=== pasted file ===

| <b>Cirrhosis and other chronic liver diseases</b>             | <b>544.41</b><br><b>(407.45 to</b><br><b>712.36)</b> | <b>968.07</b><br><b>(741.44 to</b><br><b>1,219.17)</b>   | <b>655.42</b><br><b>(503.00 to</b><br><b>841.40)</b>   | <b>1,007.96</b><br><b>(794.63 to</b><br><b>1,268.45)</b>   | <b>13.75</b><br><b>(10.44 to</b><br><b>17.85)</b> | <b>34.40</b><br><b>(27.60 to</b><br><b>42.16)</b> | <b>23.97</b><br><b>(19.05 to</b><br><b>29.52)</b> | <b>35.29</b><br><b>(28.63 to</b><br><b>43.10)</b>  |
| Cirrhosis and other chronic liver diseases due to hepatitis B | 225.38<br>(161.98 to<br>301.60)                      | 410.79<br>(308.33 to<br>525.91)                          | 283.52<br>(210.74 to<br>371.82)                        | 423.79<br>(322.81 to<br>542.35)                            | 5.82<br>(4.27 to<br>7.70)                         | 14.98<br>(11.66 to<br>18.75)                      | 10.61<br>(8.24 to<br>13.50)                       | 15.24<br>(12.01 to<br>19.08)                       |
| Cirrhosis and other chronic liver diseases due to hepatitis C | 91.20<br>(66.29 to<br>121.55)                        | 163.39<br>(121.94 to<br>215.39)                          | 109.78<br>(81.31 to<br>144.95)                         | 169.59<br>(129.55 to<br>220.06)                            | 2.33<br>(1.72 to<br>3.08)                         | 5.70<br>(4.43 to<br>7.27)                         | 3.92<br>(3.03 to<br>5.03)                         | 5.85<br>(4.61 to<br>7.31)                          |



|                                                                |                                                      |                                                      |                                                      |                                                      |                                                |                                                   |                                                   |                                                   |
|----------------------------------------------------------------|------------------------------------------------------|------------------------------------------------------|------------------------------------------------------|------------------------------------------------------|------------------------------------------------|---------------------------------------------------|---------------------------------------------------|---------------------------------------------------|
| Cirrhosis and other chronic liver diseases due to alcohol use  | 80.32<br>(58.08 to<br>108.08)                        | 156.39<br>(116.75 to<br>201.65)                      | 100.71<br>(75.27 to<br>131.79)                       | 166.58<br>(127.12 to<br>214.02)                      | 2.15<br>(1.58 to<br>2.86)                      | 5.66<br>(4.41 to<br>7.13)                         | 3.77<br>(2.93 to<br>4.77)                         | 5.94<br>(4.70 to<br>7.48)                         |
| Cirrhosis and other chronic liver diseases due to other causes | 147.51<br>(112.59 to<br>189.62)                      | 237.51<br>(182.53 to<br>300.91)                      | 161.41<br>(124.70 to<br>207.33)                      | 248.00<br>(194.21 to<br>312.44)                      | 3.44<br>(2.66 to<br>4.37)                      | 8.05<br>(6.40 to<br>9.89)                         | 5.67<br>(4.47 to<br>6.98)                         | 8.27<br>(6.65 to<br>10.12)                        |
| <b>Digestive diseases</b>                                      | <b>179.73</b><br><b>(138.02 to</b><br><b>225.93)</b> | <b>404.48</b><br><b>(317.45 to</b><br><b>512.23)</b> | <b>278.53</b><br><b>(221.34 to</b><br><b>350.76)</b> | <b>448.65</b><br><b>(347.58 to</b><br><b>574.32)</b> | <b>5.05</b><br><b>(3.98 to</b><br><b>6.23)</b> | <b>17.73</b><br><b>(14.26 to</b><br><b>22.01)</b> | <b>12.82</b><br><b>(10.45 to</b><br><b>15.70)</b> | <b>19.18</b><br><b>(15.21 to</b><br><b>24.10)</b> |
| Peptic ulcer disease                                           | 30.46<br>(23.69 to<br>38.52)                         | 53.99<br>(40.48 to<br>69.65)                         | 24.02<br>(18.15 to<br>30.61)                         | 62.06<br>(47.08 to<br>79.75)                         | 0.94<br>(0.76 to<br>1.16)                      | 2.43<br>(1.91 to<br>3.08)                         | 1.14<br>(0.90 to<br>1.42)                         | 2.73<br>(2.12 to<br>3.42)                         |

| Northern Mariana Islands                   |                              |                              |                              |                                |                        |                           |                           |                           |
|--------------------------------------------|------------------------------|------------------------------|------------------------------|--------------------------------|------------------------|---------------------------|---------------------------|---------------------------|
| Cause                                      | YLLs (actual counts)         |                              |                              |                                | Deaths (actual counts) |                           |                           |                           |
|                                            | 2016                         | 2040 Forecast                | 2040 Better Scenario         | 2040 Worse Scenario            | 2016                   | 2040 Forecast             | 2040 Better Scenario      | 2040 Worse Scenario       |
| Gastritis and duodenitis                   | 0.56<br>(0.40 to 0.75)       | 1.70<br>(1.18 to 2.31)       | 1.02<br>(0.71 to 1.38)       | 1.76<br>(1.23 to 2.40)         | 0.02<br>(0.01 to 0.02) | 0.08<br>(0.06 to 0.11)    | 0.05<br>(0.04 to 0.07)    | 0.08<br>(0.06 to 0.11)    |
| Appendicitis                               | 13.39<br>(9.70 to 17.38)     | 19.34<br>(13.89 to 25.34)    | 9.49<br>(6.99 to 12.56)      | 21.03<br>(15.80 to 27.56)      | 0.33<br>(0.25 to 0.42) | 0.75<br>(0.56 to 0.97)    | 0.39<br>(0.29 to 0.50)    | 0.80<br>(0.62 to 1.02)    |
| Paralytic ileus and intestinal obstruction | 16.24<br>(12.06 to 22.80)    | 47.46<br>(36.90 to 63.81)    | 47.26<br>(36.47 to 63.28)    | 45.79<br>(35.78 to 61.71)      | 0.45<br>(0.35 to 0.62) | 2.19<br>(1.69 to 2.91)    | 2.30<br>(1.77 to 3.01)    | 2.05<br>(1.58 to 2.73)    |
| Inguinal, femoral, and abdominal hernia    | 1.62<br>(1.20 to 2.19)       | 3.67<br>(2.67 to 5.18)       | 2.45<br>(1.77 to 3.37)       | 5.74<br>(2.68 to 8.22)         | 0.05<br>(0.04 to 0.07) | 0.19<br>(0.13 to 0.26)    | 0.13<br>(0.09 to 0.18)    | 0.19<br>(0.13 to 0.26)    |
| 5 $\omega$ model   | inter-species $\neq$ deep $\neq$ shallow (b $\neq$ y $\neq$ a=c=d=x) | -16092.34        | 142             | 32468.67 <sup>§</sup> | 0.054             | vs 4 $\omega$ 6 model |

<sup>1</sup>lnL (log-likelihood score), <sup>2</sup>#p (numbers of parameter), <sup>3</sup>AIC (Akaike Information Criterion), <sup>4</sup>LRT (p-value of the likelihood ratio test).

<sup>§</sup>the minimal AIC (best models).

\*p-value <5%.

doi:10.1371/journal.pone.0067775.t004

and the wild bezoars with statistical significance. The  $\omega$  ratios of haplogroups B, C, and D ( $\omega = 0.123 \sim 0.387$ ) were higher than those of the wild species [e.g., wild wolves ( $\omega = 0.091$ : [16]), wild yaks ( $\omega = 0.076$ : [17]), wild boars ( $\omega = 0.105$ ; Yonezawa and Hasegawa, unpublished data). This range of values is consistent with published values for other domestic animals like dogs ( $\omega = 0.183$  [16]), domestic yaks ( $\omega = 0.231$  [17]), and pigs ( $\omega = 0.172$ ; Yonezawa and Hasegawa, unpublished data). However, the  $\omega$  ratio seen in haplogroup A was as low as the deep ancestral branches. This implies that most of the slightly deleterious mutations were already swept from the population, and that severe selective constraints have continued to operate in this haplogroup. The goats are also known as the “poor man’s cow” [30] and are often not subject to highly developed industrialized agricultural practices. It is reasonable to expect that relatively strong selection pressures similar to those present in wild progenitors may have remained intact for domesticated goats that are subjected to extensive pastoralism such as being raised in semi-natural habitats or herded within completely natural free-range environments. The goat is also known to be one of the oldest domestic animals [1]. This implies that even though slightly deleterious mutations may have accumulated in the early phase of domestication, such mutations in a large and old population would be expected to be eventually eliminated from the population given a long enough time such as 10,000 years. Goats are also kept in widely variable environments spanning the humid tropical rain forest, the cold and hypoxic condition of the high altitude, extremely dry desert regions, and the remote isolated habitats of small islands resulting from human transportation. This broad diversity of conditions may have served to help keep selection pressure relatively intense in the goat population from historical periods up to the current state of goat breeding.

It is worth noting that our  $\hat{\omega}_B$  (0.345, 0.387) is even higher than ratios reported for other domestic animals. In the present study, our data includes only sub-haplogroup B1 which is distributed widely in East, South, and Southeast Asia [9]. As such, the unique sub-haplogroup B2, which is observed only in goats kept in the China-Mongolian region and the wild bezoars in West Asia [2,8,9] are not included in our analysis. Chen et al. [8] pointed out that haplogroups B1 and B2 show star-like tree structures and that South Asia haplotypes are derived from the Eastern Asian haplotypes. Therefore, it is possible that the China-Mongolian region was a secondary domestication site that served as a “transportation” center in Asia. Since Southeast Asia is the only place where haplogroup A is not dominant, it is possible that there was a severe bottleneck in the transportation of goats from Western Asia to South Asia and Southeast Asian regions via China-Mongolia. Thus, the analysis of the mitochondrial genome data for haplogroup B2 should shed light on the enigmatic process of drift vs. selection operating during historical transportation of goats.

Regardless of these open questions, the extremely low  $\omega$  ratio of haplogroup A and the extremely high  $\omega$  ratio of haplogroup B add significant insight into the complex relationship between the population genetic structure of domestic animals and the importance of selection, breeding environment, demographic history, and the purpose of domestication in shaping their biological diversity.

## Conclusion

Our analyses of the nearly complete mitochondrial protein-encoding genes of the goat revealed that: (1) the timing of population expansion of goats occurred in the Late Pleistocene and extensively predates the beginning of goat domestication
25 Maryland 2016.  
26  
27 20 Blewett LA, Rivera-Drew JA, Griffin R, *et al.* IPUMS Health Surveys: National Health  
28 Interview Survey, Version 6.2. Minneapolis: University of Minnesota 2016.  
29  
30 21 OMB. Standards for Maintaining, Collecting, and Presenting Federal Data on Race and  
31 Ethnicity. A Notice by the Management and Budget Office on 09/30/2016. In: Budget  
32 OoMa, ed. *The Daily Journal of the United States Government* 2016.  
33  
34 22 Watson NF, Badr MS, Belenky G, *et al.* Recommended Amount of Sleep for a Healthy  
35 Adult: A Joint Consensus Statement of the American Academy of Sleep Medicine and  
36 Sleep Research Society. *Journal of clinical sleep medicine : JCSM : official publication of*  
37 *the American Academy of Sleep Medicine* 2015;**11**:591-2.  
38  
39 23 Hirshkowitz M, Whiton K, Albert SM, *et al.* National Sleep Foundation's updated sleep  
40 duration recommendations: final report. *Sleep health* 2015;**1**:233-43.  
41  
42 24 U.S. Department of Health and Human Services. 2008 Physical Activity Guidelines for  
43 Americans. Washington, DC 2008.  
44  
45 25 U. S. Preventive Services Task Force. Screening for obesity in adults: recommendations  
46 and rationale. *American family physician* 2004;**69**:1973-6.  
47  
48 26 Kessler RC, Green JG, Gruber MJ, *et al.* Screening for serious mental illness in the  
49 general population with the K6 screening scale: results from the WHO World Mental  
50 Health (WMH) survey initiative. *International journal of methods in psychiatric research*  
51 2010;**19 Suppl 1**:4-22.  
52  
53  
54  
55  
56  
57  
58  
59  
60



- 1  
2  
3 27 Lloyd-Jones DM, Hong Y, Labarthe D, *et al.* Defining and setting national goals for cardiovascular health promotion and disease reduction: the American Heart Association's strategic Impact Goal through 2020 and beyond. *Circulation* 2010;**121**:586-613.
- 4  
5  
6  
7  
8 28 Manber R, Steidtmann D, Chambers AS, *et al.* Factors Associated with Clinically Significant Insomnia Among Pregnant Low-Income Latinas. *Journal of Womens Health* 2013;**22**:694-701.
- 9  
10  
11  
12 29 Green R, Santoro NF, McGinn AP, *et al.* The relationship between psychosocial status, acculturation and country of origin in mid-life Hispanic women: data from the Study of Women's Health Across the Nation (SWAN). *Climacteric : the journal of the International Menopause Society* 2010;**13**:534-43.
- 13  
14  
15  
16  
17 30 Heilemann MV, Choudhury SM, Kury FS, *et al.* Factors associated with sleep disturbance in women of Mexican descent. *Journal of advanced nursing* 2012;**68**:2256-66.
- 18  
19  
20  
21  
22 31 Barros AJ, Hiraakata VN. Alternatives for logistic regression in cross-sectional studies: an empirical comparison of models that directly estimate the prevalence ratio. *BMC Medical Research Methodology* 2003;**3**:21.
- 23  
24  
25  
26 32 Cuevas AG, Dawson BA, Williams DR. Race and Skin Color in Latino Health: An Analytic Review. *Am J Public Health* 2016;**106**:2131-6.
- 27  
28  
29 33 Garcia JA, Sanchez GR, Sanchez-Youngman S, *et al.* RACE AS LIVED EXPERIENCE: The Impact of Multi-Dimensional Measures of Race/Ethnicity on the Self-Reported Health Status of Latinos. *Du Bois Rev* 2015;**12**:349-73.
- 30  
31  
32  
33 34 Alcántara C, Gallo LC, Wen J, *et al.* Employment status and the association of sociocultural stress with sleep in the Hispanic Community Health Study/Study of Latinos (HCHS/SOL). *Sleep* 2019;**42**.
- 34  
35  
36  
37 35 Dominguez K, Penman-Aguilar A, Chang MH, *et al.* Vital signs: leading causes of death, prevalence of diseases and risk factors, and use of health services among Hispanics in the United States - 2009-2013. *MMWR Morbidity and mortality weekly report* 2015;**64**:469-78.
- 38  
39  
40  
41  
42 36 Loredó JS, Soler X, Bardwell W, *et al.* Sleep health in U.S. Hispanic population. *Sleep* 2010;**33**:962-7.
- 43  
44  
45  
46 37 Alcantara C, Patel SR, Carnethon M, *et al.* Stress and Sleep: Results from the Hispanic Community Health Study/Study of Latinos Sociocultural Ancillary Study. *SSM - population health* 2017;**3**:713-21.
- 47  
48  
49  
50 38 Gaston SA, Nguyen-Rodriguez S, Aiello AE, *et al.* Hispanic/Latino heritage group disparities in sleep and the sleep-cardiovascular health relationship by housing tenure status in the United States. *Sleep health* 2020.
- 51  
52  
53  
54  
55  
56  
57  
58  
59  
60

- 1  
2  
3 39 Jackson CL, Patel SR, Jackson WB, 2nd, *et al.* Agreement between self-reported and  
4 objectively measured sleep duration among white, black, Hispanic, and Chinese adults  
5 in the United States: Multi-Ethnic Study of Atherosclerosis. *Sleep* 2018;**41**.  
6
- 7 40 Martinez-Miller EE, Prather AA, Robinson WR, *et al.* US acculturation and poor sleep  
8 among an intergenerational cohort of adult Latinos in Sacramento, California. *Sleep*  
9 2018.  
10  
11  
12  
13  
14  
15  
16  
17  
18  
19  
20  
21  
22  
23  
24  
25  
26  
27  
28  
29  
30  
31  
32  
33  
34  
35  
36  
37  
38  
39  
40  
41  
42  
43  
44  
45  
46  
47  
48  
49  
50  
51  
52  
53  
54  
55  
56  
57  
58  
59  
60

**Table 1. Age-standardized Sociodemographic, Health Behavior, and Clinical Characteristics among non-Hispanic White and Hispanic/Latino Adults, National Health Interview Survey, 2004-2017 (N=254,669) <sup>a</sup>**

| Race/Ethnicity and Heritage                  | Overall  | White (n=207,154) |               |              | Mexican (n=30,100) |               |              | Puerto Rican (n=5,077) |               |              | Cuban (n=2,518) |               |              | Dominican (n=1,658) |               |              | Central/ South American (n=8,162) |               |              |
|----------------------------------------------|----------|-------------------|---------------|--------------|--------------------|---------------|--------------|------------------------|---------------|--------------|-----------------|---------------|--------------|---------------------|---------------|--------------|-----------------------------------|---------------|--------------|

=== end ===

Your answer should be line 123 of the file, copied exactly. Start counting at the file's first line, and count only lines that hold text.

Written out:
60